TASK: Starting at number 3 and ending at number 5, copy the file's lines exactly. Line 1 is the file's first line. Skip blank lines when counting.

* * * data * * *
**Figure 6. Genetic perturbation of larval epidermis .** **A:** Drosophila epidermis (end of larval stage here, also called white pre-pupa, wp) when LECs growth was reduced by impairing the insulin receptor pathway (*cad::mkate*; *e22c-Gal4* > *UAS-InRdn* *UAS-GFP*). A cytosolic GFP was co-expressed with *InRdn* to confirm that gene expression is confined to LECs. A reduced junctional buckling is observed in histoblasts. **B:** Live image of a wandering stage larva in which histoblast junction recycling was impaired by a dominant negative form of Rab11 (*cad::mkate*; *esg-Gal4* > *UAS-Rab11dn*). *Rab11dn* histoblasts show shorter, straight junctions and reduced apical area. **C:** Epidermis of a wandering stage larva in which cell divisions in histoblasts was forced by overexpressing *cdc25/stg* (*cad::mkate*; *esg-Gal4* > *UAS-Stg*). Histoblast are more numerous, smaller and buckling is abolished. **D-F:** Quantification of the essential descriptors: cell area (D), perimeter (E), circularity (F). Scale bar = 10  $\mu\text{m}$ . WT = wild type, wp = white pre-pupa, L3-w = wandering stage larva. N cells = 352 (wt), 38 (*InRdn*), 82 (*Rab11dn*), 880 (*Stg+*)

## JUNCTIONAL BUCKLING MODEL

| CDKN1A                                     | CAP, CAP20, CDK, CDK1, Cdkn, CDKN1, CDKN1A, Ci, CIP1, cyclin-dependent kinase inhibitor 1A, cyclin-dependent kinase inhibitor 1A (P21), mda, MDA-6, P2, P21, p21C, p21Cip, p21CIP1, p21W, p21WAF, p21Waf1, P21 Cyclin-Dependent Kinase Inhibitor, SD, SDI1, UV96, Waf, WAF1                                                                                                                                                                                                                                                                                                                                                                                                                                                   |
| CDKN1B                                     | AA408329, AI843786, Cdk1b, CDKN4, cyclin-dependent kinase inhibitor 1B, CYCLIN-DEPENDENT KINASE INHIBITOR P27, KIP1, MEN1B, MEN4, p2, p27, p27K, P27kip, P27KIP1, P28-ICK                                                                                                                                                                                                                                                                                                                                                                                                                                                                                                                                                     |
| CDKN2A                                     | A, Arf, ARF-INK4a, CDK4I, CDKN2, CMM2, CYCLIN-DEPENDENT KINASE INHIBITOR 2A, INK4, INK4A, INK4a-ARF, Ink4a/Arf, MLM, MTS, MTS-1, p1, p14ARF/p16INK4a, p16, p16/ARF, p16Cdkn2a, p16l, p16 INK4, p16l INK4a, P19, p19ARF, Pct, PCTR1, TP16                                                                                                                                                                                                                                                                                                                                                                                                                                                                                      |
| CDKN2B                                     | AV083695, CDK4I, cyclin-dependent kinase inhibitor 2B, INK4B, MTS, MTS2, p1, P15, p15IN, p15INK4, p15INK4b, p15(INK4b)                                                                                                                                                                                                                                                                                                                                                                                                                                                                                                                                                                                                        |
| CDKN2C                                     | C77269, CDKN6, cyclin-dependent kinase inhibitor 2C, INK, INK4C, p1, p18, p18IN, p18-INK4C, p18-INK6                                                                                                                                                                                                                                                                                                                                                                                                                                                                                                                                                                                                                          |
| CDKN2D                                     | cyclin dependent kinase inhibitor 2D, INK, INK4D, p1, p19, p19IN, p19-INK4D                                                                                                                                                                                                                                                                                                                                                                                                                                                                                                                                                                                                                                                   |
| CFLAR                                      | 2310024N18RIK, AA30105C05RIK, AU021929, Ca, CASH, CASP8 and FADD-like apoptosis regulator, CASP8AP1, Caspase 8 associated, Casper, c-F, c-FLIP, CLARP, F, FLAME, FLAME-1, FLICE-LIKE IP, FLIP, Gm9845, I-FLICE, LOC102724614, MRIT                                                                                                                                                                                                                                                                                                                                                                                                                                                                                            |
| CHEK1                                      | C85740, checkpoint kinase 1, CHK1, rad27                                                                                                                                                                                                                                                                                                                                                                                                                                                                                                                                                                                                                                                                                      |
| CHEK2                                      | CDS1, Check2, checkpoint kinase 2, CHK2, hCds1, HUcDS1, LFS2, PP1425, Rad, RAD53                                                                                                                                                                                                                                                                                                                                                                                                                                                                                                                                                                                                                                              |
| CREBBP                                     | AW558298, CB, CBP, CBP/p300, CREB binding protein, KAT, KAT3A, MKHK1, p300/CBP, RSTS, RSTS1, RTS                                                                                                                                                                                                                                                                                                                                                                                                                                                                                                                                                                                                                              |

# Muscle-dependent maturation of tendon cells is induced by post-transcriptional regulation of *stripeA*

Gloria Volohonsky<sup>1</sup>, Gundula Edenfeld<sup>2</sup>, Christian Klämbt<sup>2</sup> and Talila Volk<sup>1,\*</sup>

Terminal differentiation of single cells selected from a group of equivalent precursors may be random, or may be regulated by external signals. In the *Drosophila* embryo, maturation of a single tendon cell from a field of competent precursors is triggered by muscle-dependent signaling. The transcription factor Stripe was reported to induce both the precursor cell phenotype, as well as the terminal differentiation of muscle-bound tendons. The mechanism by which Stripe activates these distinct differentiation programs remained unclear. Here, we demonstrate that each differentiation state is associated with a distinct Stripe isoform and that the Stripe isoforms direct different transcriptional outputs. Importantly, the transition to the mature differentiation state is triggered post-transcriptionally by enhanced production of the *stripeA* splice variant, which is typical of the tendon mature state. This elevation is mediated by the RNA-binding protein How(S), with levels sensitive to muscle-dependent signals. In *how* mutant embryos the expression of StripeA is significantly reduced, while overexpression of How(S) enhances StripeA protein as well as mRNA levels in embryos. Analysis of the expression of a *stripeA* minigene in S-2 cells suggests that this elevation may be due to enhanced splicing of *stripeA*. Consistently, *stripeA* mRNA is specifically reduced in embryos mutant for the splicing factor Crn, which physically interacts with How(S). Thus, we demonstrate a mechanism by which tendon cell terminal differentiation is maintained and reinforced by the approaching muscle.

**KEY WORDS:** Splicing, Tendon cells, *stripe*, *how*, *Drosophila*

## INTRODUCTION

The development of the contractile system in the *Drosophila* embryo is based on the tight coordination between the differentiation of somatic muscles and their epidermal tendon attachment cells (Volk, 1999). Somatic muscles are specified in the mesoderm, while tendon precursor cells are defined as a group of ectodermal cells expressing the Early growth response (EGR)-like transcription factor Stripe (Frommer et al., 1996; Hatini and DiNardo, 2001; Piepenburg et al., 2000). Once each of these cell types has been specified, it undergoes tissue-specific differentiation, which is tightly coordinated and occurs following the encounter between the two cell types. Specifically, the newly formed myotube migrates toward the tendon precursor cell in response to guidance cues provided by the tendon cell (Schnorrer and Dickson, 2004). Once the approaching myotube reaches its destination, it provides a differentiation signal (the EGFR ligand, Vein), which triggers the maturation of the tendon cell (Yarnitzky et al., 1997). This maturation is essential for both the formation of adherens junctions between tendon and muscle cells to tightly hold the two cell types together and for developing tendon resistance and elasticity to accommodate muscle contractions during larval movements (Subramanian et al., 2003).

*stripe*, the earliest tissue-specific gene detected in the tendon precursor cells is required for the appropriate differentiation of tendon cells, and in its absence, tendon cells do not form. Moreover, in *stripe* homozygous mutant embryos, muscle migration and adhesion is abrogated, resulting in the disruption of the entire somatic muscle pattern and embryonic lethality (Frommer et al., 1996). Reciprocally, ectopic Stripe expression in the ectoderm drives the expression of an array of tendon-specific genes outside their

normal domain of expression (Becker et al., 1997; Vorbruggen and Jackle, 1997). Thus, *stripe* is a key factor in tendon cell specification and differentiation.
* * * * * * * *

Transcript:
| CDKN1A                                     | CAP, CAP20, CDK, CDK1, Cdkn, CDKN1, CDKN1A, Ci, CIP1, cyclin-dependent kinase inhibitor 1A, cyclin-dependent kinase inhibitor 1A (P21), mda, MDA-6, P2, P21, p21C, p21Cip, p21CIP1, p21W, p21WAF, p21Waf1, P21 Cyclin-Dependent Kinase Inhibitor, SD, SDI1, UV96, Waf, WAF1                                                                                                                                                                                                                                                                                                                                                                                                                                                   |
| CDKN1B                                     | AA408329, AI843786, Cdk1b, CDKN4, cyclin-dependent kinase inhibitor 1B, CYCLIN-DEPENDENT KINASE INHIBITOR P27, KIP1, MEN1B, MEN4, p2, p27, p27K, P27kip, P27KIP1, P28-ICK                                                                                                                                                                                                                                                                                                                                                                                                                                                                                                                                                     |
| CDKN2A                                     | A, Arf, ARF-INK4a, CDK4I, CDKN2, CMM2, CYCLIN-DEPENDENT KINASE INHIBITOR 2A, INK4, INK4A, INK4a-ARF, Ink4a/Arf, MLM, MTS, MTS-1, p1, p14ARF/p16INK4a, p16, p16/ARF, p16Cdkn2a, p16l, p16 INK4, p16l INK4a, P19, p19ARF, Pct, PCTR1, TP16                                                                                                                                                                                                                                                                                                                                                                                                                                                                                      |